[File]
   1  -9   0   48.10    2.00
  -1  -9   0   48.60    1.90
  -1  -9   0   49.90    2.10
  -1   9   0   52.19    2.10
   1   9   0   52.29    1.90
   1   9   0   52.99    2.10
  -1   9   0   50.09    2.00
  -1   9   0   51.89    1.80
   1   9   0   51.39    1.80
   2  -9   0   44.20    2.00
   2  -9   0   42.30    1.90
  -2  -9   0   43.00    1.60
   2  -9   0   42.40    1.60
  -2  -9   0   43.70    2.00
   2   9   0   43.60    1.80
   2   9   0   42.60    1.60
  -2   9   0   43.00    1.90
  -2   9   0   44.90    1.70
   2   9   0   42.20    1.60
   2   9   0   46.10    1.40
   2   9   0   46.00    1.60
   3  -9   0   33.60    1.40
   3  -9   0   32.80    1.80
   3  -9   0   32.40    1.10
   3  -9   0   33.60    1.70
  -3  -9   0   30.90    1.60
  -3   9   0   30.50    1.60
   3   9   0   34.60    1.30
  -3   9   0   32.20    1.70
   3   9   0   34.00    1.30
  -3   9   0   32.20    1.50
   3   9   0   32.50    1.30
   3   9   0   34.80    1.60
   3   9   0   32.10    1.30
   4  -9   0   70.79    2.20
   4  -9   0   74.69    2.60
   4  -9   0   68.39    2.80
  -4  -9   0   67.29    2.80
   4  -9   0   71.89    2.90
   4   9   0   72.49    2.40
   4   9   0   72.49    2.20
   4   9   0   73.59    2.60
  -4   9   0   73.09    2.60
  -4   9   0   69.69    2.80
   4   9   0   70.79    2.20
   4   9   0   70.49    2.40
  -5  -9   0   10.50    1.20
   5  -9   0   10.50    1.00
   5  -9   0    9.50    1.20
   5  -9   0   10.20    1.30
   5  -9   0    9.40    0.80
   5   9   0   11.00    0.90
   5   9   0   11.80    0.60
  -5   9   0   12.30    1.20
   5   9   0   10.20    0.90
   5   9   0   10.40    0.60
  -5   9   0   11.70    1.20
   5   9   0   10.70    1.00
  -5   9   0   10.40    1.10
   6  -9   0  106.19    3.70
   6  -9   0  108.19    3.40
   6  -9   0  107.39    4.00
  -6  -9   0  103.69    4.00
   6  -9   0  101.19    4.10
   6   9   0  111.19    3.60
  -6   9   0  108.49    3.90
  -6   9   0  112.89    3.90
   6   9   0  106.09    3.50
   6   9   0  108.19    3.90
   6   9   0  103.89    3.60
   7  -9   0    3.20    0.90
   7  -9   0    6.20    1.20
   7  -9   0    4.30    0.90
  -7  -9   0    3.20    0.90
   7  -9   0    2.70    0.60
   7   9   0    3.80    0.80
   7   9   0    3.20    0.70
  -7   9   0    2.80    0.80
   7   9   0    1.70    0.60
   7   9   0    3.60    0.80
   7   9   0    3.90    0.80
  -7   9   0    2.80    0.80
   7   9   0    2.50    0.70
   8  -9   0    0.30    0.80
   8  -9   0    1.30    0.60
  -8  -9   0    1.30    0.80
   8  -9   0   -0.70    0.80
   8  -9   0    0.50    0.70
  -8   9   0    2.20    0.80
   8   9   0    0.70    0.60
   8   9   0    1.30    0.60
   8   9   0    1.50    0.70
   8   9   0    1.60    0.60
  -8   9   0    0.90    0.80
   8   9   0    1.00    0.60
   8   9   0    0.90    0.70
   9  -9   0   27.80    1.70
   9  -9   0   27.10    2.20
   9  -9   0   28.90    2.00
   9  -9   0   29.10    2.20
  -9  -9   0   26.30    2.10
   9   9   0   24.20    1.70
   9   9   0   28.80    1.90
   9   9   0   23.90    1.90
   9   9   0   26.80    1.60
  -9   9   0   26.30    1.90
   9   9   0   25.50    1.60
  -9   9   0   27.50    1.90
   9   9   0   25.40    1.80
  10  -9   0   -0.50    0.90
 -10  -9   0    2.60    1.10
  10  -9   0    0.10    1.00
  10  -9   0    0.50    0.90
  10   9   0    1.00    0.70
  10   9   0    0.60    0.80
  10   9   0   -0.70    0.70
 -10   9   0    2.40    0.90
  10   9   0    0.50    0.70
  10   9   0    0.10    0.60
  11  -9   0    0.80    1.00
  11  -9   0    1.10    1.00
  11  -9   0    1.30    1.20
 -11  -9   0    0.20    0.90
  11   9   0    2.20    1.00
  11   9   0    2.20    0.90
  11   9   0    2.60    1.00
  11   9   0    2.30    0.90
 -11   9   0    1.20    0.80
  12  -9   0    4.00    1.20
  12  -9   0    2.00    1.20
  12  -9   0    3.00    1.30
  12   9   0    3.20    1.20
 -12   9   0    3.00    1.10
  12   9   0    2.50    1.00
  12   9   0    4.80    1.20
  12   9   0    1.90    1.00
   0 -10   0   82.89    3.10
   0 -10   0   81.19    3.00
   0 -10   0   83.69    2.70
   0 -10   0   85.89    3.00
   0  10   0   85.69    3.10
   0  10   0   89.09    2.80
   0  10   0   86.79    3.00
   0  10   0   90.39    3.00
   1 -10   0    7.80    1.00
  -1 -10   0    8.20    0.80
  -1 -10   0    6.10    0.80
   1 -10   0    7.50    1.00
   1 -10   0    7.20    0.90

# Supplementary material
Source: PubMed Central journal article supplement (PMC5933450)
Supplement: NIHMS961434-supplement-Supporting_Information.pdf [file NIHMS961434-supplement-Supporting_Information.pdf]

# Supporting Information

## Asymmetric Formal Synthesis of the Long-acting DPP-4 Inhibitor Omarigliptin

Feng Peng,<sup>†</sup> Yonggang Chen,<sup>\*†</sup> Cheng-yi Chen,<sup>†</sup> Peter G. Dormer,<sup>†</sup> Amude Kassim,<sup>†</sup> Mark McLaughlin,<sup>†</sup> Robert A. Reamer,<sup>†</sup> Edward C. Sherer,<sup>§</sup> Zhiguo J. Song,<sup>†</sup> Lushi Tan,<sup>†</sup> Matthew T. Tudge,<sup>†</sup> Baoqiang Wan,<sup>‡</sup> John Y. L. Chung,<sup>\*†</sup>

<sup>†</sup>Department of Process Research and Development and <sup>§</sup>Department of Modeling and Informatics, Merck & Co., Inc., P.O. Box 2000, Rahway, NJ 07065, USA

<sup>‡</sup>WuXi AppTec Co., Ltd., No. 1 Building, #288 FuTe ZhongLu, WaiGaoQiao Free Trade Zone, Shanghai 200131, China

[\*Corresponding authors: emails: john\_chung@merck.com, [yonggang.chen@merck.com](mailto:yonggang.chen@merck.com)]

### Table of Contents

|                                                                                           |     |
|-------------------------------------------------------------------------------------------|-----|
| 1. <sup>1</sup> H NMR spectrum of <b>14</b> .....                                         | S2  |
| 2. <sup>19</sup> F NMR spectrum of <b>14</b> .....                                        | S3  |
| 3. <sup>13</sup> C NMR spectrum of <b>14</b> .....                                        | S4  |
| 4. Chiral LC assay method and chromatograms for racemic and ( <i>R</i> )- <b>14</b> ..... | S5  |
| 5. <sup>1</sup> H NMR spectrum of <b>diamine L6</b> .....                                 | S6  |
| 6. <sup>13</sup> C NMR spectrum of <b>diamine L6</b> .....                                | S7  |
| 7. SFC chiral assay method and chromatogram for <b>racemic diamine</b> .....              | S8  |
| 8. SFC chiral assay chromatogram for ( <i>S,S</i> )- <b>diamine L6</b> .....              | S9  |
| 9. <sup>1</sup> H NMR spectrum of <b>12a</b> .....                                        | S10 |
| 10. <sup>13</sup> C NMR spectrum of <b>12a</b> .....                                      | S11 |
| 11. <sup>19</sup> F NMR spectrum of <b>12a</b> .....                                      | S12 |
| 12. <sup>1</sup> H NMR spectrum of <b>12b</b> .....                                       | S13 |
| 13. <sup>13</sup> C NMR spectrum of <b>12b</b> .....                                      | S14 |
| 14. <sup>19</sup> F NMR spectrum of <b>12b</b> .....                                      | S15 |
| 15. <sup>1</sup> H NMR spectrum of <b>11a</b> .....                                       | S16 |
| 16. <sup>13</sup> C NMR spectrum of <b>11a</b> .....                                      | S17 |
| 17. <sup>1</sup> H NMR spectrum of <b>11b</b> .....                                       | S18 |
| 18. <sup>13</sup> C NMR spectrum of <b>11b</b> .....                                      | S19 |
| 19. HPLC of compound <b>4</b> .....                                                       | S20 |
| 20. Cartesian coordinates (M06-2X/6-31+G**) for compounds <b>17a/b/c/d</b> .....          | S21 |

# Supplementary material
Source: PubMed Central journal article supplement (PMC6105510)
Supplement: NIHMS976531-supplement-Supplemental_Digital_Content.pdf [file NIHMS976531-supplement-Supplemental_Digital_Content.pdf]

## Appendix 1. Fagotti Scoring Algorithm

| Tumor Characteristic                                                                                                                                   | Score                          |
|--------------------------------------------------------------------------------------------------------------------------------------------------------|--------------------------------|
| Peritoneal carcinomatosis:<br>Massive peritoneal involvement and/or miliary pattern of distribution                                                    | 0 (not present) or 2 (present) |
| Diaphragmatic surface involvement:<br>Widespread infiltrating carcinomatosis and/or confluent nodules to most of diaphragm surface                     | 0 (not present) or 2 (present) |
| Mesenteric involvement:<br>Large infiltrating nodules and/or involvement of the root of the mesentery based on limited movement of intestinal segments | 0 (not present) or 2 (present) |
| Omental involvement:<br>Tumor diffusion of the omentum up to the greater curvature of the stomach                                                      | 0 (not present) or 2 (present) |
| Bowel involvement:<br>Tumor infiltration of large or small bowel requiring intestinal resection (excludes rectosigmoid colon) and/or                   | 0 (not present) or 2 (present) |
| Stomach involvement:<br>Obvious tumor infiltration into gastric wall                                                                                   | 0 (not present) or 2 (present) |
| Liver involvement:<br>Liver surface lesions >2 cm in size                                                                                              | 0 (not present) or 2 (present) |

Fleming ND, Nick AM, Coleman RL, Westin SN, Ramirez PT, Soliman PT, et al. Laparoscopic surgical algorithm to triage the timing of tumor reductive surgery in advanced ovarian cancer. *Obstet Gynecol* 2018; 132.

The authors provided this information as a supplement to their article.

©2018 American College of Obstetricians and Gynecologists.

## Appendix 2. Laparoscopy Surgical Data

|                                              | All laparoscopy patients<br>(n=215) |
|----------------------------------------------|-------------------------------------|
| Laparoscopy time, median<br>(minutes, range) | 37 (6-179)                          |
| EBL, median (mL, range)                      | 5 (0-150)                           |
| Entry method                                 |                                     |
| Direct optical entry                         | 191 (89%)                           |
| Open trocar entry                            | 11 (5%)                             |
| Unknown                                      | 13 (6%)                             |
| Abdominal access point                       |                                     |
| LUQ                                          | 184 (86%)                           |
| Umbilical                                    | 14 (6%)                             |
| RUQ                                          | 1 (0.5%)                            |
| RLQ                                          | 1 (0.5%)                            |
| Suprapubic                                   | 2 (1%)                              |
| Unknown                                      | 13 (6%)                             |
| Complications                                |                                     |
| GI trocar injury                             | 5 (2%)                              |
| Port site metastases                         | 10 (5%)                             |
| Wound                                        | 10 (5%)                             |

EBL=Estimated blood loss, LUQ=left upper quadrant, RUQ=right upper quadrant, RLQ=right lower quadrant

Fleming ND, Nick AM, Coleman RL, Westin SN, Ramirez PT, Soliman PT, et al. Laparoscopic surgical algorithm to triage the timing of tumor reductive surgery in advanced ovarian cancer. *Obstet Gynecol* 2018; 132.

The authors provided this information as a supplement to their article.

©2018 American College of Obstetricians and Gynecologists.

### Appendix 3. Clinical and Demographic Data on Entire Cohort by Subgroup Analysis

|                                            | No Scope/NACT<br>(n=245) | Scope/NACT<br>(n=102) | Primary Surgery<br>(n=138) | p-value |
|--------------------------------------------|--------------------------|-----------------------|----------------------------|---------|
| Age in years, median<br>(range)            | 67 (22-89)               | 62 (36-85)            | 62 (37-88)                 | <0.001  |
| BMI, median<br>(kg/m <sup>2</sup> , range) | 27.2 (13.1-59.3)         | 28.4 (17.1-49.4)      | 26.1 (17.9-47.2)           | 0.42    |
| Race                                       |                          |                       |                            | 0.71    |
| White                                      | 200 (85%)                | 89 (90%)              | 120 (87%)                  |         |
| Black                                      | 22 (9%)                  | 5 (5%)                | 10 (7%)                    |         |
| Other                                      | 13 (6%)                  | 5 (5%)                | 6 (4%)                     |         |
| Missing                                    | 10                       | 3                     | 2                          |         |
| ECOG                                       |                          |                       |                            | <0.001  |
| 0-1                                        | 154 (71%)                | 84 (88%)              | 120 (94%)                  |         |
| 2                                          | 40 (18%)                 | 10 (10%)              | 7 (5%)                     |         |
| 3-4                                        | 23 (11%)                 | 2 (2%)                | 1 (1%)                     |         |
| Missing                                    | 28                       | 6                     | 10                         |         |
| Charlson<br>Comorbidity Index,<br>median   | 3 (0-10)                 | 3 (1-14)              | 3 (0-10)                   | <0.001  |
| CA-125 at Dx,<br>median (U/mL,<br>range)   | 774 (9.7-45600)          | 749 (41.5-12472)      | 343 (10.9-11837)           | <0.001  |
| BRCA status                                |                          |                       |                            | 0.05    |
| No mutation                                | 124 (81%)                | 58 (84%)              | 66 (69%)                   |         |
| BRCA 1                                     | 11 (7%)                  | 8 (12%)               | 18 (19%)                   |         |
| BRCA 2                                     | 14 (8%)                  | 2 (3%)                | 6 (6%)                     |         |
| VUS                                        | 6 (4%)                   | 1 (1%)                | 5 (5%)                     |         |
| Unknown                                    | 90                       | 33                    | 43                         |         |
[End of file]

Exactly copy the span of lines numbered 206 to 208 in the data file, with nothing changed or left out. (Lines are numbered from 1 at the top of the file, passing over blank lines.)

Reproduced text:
| Unknown                                      | 13 (6%)                             |
| Abdominal access point                       |                                     |
| LUQ                                          | 184 (86%)                           |